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FBI, state police missing money investigation expands in Petersburg

Posted at 7:10 PM, Oct 13, 2016
and last updated 2016-10-13 19:10:31-04

PETERSBURG, Va. -- An investigation of Petersburg's Police Headquarters by the FBI and Virginia State Police has now expanded to include all financial matters within the city, according to a court order.

The order was signed and dated Oct. 7 at the request of Petersburg Commonwealth’s Attorney Cassandra Conover.

"As far as the order, we have not been served," said Mayor W. Howard Myers as his city faces a $12 million shortfall.

In December, Conover requested the FBI and VSP investigate the city’s police department, which was then being led by former Chief John Dixon.

The investigation involved allegations of officer misconduct, including an incident where it was believed $9,700 went missing from the police department's evidence room. That dollar amount then increased to about $13,000.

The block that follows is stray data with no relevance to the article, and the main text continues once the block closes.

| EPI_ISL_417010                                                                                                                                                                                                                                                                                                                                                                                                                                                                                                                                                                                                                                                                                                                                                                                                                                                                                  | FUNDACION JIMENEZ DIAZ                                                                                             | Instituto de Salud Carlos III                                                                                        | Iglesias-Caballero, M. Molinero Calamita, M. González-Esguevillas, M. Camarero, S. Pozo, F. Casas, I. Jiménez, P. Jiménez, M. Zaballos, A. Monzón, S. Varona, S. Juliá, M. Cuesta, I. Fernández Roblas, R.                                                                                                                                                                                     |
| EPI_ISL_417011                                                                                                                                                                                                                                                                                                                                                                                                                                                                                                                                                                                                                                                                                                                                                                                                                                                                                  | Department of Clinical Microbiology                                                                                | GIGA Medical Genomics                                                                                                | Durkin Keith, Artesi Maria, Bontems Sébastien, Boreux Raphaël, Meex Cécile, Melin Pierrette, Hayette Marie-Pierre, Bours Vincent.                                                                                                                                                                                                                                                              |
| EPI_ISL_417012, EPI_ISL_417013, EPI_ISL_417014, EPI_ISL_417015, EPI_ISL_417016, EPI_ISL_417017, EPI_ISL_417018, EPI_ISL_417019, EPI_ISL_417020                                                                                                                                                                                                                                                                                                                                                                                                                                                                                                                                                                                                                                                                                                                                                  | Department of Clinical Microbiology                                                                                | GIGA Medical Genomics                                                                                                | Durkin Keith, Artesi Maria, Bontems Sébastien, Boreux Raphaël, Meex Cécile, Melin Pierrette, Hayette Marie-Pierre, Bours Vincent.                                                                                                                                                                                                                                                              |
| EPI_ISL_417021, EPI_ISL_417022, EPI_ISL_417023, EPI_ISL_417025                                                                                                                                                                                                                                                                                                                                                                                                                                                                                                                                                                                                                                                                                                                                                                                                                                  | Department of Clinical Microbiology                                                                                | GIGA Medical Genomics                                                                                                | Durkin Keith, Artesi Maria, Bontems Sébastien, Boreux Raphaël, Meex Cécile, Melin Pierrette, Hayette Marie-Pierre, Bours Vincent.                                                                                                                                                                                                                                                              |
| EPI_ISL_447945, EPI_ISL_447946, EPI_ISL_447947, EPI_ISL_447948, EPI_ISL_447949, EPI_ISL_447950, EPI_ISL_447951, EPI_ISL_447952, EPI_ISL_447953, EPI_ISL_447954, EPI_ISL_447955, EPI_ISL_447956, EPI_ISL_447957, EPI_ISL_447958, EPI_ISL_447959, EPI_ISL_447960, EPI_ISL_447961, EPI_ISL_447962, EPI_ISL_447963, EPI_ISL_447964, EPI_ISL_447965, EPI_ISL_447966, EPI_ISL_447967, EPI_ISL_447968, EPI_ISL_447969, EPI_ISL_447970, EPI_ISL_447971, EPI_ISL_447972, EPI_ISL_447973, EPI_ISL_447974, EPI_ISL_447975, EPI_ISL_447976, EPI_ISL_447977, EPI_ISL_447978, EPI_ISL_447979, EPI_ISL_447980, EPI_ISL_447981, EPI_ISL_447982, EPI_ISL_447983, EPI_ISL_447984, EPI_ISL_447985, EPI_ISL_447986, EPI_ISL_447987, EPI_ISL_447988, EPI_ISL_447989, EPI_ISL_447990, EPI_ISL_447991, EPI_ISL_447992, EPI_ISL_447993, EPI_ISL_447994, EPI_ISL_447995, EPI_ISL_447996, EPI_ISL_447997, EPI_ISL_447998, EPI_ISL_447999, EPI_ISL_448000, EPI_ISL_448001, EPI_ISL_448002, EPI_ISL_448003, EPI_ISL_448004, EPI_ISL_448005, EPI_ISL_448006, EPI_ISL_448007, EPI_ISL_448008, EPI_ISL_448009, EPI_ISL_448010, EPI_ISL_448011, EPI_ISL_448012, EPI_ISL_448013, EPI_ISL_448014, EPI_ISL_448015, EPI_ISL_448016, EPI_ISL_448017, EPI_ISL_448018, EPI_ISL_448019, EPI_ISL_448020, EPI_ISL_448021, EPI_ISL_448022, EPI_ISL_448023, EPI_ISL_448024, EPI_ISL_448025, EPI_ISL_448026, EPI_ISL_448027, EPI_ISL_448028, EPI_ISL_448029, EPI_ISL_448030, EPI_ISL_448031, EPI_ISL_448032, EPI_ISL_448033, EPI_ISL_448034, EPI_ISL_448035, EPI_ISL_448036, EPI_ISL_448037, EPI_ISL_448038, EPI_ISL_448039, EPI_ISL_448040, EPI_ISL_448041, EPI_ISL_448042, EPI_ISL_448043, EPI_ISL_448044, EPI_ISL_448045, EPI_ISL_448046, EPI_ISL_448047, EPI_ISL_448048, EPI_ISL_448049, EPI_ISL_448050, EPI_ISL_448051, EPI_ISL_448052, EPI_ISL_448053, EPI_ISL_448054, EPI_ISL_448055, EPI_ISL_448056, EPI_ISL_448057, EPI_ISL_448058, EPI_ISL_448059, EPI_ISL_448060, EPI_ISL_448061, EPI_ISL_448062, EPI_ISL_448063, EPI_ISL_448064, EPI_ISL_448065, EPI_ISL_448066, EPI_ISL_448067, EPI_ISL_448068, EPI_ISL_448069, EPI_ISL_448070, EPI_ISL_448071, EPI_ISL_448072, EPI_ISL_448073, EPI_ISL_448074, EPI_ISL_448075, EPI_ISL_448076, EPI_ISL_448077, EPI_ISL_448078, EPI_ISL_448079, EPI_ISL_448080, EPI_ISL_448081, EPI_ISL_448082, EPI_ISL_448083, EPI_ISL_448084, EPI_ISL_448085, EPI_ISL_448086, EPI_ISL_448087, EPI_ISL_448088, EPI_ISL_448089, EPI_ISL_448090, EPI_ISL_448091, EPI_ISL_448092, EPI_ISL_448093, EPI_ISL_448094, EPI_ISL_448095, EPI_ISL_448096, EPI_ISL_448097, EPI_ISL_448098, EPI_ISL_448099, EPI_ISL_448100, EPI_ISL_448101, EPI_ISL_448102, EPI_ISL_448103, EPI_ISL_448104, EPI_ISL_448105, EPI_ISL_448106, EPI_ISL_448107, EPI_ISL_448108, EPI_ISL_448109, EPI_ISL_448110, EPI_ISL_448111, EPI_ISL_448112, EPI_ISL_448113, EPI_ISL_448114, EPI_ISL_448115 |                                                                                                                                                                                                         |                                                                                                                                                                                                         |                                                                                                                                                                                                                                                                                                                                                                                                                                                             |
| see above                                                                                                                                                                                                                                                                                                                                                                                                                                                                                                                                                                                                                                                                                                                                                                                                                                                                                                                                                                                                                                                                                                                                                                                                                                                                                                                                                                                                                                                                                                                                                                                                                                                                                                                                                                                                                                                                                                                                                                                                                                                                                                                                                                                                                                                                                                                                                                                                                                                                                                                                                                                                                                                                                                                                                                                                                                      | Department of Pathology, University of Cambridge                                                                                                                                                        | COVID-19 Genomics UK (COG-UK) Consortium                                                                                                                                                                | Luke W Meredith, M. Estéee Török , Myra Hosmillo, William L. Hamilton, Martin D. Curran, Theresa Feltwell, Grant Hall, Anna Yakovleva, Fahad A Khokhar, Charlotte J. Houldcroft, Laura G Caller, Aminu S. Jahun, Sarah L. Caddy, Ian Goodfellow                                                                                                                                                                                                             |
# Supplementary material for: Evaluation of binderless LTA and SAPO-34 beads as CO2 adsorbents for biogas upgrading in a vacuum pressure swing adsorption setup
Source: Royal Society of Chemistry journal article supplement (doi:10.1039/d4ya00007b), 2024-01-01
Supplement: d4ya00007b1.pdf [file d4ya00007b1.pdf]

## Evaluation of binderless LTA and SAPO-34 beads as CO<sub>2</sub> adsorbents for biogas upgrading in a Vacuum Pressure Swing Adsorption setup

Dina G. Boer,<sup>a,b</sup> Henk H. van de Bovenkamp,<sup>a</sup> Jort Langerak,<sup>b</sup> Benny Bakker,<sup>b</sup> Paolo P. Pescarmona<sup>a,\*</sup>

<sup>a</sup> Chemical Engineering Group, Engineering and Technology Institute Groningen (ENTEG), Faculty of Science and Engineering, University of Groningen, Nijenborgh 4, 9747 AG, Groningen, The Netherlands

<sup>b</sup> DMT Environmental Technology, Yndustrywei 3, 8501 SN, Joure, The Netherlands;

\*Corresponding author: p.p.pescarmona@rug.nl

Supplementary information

Police Chief Dixon was terminated from his job in June, while the evidence room was searched in July.

Brendan King shows Mayor W. Howard Myers the order.

Brendan King shows Mayor W. Howard Myers the order.

Mayor W. Howard Myers said Thursday he had not seen the order until WTVR CBS 6's Brendan King showed him.

"I believe it is an important step in helping us move forward to find if there were any improprieties," he said.

Petersburg City Attorney Joseph Preston said he heard rumors a court order had been issued as late as Wednesday afternoon.

"I actually welcome this," said Preston. "Many citizens have questioned whether any illegal activity in respect to the finances has taken place - obviously none of us know that."

Both Myers and Preston said they were unaware why the investigation was extended to include the entire city's financial matters.

But, in September the South Central Wastewater Authority filed a lawsuit against the city to put the city in receivership, which means paid sewer bills would no longer pass through City Hall.

Petersburg currently owes the authority $1.2 million. If a judge orders in favor of the SCWA, residents would go to a third party, who would then give that money directly to the authority instead of the city.

Museum historical interpreter, Eric Slaughter, turned in his work papers to City Hall during his last day on the job, Thursday. Slaughter was among several city workers laid off as part of recent budget cuts.

"I'm sad. I've enjoyed working at the museums," said Slaughter, who commutes to the city from Prince George. "I'm not angry at the city, but i do feel sorry for the people who live here in Petersburg. I think they need answers."